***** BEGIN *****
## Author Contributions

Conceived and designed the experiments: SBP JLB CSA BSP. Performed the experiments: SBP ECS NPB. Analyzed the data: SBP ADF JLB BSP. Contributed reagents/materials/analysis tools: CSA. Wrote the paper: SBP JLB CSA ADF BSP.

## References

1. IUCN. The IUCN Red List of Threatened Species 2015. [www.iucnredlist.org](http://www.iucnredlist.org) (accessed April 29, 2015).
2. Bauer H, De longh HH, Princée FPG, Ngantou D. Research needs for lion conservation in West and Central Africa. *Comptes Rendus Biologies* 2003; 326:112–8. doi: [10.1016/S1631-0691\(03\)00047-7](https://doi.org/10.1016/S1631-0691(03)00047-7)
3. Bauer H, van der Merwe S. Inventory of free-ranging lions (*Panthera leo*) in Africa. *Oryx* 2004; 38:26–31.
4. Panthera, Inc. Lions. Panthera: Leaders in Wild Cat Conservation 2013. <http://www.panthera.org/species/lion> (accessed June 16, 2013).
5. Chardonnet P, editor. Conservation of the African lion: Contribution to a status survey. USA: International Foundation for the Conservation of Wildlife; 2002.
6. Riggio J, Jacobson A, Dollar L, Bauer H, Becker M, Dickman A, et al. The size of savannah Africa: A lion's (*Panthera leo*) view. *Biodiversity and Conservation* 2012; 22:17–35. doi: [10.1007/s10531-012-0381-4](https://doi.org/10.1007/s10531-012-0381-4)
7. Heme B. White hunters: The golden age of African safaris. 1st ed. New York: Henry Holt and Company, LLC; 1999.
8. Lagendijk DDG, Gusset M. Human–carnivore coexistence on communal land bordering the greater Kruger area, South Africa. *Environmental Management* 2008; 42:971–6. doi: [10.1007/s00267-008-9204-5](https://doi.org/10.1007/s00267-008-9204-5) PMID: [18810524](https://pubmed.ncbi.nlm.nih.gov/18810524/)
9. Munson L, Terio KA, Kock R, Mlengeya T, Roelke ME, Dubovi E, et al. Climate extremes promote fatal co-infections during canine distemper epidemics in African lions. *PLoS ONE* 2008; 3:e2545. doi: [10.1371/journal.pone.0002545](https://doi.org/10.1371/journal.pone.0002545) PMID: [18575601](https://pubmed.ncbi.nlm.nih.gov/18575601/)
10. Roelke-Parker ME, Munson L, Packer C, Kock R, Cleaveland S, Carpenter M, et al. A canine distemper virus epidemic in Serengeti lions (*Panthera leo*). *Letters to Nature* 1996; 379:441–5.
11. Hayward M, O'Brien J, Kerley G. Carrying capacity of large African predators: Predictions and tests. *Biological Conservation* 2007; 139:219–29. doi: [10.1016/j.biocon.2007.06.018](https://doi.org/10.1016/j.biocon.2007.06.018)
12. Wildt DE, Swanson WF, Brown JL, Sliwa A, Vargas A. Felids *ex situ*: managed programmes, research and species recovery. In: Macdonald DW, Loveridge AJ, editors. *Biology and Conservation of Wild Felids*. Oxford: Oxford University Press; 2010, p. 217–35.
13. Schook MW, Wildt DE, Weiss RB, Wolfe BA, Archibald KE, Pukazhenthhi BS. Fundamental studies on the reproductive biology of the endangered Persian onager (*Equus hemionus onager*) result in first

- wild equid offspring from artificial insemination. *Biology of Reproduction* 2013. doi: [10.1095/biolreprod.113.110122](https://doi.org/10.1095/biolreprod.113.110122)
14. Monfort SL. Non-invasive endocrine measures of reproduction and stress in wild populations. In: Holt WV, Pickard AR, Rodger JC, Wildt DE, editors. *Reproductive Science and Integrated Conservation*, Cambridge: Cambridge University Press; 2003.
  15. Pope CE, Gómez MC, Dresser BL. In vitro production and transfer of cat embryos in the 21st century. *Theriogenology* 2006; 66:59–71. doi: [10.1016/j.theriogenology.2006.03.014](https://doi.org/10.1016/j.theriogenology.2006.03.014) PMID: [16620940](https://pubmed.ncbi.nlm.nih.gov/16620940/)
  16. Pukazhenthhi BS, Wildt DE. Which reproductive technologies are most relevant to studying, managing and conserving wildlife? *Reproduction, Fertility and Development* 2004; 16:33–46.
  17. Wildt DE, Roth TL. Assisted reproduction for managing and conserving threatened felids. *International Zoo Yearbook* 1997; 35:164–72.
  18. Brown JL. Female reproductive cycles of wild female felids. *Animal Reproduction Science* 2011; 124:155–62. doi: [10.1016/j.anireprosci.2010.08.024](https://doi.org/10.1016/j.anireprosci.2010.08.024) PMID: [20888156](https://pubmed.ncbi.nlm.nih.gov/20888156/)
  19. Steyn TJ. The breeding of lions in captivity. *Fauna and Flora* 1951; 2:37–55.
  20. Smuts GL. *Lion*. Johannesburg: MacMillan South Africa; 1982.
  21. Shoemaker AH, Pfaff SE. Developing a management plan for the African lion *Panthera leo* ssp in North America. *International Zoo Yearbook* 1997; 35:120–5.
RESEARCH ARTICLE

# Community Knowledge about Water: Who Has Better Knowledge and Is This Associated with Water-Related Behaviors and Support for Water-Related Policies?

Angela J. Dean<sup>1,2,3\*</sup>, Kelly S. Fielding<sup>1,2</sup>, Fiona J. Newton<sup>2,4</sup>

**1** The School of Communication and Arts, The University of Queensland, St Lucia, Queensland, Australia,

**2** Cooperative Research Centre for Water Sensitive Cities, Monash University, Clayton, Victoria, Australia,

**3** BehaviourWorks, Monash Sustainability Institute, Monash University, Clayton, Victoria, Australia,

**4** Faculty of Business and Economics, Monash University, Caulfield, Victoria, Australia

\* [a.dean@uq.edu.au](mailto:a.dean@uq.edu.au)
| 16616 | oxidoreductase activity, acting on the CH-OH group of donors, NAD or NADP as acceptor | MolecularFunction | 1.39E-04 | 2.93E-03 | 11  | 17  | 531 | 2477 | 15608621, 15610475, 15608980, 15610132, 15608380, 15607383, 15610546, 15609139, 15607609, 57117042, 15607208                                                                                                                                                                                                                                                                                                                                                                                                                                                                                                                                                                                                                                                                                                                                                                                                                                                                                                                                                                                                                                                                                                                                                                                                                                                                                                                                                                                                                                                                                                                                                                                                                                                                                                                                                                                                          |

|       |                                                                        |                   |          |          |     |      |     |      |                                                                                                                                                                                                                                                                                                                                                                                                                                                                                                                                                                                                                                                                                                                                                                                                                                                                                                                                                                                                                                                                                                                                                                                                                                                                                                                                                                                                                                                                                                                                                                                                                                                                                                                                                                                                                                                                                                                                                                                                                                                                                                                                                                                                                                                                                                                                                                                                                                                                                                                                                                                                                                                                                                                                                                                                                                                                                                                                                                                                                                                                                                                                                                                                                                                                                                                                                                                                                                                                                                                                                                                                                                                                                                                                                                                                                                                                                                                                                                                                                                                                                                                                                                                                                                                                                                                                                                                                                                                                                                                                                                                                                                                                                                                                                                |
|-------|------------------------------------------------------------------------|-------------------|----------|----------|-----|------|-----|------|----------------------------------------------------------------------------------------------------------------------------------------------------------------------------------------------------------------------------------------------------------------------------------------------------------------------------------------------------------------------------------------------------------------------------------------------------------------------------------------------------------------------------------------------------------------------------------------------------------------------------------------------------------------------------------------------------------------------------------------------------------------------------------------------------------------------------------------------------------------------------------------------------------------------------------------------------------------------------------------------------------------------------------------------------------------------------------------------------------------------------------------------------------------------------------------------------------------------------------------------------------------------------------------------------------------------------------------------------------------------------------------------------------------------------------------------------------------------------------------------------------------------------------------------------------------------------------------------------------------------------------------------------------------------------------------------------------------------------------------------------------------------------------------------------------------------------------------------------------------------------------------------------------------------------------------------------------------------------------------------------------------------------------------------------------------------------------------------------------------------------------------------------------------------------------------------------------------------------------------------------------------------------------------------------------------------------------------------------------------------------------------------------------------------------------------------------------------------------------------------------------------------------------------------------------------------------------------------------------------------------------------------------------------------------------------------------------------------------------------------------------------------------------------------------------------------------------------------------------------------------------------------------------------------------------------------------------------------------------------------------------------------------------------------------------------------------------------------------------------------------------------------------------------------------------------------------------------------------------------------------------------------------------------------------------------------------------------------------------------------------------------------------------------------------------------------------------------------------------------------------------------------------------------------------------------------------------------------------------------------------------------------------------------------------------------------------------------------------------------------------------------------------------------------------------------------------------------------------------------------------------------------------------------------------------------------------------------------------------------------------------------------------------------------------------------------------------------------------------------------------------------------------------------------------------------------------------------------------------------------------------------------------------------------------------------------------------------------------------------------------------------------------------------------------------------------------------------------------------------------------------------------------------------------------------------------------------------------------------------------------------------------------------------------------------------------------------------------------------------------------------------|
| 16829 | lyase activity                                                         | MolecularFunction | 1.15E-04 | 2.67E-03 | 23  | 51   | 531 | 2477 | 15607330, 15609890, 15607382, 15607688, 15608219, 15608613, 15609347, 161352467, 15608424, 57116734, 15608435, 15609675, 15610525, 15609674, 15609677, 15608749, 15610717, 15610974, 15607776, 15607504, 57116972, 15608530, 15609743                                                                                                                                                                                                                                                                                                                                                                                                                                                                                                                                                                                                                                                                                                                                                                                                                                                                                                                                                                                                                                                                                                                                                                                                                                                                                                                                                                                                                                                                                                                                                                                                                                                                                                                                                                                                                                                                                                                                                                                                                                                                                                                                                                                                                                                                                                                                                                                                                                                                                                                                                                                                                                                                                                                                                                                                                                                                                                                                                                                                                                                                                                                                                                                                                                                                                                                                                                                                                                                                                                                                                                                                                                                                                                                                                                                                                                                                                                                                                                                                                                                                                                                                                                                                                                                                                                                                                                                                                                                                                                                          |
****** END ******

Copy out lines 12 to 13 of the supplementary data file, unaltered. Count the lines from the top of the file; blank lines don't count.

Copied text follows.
9. Munson L, Terio KA, Kock R, Mlengeya T, Roelke ME, Dubovi E, et al. Climate extremes promote fatal co-infections during canine distemper epidemics in African lions. *PLoS ONE* 2008; 3:e2545. doi: [10.1371/journal.pone.0002545](https://doi.org/10.1371/journal.pone.0002545) PMID: [18575601](https://pubmed.ncbi.nlm.nih.gov/18575601/)
10. Roelke-Parker ME, Munson L, Packer C, Kock R, Cleaveland S, Carpenter M, et al. A canine distemper virus epidemic in Serengeti lions (*Panthera leo*). *Letters to Nature* 1996; 379:441–5.